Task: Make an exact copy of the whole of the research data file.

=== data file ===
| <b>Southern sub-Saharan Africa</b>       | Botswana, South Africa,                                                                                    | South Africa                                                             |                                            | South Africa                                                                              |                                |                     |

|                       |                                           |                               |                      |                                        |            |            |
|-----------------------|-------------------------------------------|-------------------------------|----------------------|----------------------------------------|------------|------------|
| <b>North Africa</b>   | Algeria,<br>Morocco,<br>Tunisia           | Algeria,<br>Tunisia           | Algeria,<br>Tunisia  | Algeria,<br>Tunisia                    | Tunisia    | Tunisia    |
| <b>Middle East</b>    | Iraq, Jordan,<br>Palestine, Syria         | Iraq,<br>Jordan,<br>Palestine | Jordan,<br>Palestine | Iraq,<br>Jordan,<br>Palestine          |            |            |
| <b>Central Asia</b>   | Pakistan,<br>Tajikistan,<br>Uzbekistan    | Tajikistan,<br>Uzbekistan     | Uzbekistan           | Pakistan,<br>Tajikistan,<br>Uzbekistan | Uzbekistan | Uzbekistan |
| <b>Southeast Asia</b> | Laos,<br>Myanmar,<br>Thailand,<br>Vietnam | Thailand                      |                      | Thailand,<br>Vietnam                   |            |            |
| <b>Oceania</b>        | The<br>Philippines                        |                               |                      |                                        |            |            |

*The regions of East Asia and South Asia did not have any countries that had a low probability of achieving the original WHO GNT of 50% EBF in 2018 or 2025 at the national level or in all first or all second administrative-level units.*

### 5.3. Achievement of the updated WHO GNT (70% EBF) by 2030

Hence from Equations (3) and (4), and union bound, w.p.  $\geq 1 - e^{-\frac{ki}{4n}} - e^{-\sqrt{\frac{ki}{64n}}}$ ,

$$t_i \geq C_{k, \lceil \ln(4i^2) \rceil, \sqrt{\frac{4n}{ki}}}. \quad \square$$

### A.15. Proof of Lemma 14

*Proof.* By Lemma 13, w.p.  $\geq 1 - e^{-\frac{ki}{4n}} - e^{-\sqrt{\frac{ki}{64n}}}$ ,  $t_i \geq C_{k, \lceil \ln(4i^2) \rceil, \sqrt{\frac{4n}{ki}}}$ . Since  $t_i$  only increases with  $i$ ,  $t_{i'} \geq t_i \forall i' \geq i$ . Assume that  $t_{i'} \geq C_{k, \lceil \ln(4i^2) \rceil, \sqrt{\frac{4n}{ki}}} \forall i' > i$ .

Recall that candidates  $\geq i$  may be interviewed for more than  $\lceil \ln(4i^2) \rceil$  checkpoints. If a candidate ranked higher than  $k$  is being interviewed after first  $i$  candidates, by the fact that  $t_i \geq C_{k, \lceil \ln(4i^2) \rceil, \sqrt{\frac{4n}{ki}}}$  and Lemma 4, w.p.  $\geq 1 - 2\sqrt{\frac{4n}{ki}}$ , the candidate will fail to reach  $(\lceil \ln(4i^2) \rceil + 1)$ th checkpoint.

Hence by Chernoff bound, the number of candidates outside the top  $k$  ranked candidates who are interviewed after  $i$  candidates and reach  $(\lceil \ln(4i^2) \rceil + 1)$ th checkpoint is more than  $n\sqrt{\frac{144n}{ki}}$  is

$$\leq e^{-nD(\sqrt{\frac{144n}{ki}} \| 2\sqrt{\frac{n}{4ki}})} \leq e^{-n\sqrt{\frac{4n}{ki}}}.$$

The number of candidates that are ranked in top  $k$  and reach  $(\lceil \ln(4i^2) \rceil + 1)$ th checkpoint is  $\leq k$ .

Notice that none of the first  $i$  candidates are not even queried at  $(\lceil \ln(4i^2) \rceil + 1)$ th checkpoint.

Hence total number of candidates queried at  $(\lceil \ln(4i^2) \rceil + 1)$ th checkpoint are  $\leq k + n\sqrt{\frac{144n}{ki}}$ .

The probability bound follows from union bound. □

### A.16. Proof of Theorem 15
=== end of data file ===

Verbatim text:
| <b>Southern sub-Saharan Africa</b>       | Botswana, South Africa,                                                                                    | South Africa                                                             |                                            | South Africa                                                                              |                                |                     |

|                       |                                           |                               |                      |                                        |            |            |
|-----------------------|-------------------------------------------|-------------------------------|----------------------|----------------------------------------|------------|------------|
| <b>North Africa</b>   | Algeria,<br>Morocco,<br>Tunisia           | Algeria,<br>Tunisia           | Algeria,<br>Tunisia  | Algeria,<br>Tunisia                    | Tunisia    | Tunisia    |
| <b>Middle East</b>    | Iraq, Jordan,<br>Palestine, Syria         | Iraq,<br>Jordan,<br>Palestine | Jordan,<br>Palestine | Iraq,<br>Jordan,<br>Palestine          |            |            |
| <b>Central Asia</b>   | Pakistan,<br>Tajikistan,<br>Uzbekistan    | Tajikistan,<br>Uzbekistan     | Uzbekistan           | Pakistan,<br>Tajikistan,<br>Uzbekistan | Uzbekistan | Uzbekistan |
| <b>Southeast Asia</b> | Laos,<br>Myanmar,<br>Thailand,<br>Vietnam | Thailand                      |                      | Thailand,<br>Vietnam                   |            |            |
| <b>Oceania</b>        | The<br>Philippines                        |                               |                      |                                        |            |            |

*The regions of East Asia and South Asia did not have any countries that had a low probability of achieving the original WHO GNT of 50% EBF in 2018 or 2025 at the national level or in all first or all second administrative-level units.*

### 5.3. Achievement of the updated WHO GNT (70% EBF) by 2030

Hence from Equations (3) and (4), and union bound, w.p.  $\geq 1 - e^{-\frac{ki}{4n}} - e^{-\sqrt{\frac{ki}{64n}}}$ ,

$$t_i \geq C_{k, \lceil \ln(4i^2) \rceil, \sqrt{\frac{4n}{ki}}}. \quad \square$$

### A.15. Proof of Lemma 14

*Proof.* By Lemma 13, w.p.  $\geq 1 - e^{-\frac{ki}{4n}} - e^{-\sqrt{\frac{ki}{64n}}}$ ,  $t_i \geq C_{k, \lceil \ln(4i^2) \rceil, \sqrt{\frac{4n}{ki}}}$ . Since  $t_i$  only increases with  $i$ ,  $t_{i'} \geq t_i \forall i' \geq i$ . Assume that  $t_{i'} \geq C_{k, \lceil \ln(4i^2) \rceil, \sqrt{\frac{4n}{ki}}} \forall i' > i$ .

Recall that candidates  $\geq i$  may be interviewed for more than  $\lceil \ln(4i^2) \rceil$  checkpoints. If a candidate ranked higher than  $k$  is being interviewed after first  $i$  candidates, by the fact that  $t_i \geq C_{k, \lceil \ln(4i^2) \rceil, \sqrt{\frac{4n}{ki}}}$  and Lemma 4, w.p.  $\geq 1 - 2\sqrt{\frac{4n}{ki}}$ , the candidate will fail to reach  $(\lceil \ln(4i^2) \rceil + 1)$ th checkpoint.

Hence by Chernoff bound, the number of candidates outside the top  $k$  ranked candidates who are interviewed after  $i$  candidates and reach  $(\lceil \ln(4i^2) \rceil + 1)$ th checkpoint is more than  $n\sqrt{\frac{144n}{ki}}$  is

$$\leq e^{-nD(\sqrt{\frac{144n}{ki}} \| 2\sqrt{\frac{n}{4ki}})} \leq e^{-n\sqrt{\frac{4n}{ki}}}.$$

The number of candidates that are ranked in top  $k$  and reach  $(\lceil \ln(4i^2) \rceil + 1)$ th checkpoint is  $\leq k$ .

Notice that none of the first  $i$  candidates are not even queried at  $(\lceil \ln(4i^2) \rceil + 1)$ th checkpoint.

Hence total number of candidates queried at  $(\lceil \ln(4i^2) \rceil + 1)$ th checkpoint are  $\leq k + n\sqrt{\frac{144n}{ki}}$ .

The probability bound follows from union bound. □

### A.16. Proof of Theorem 15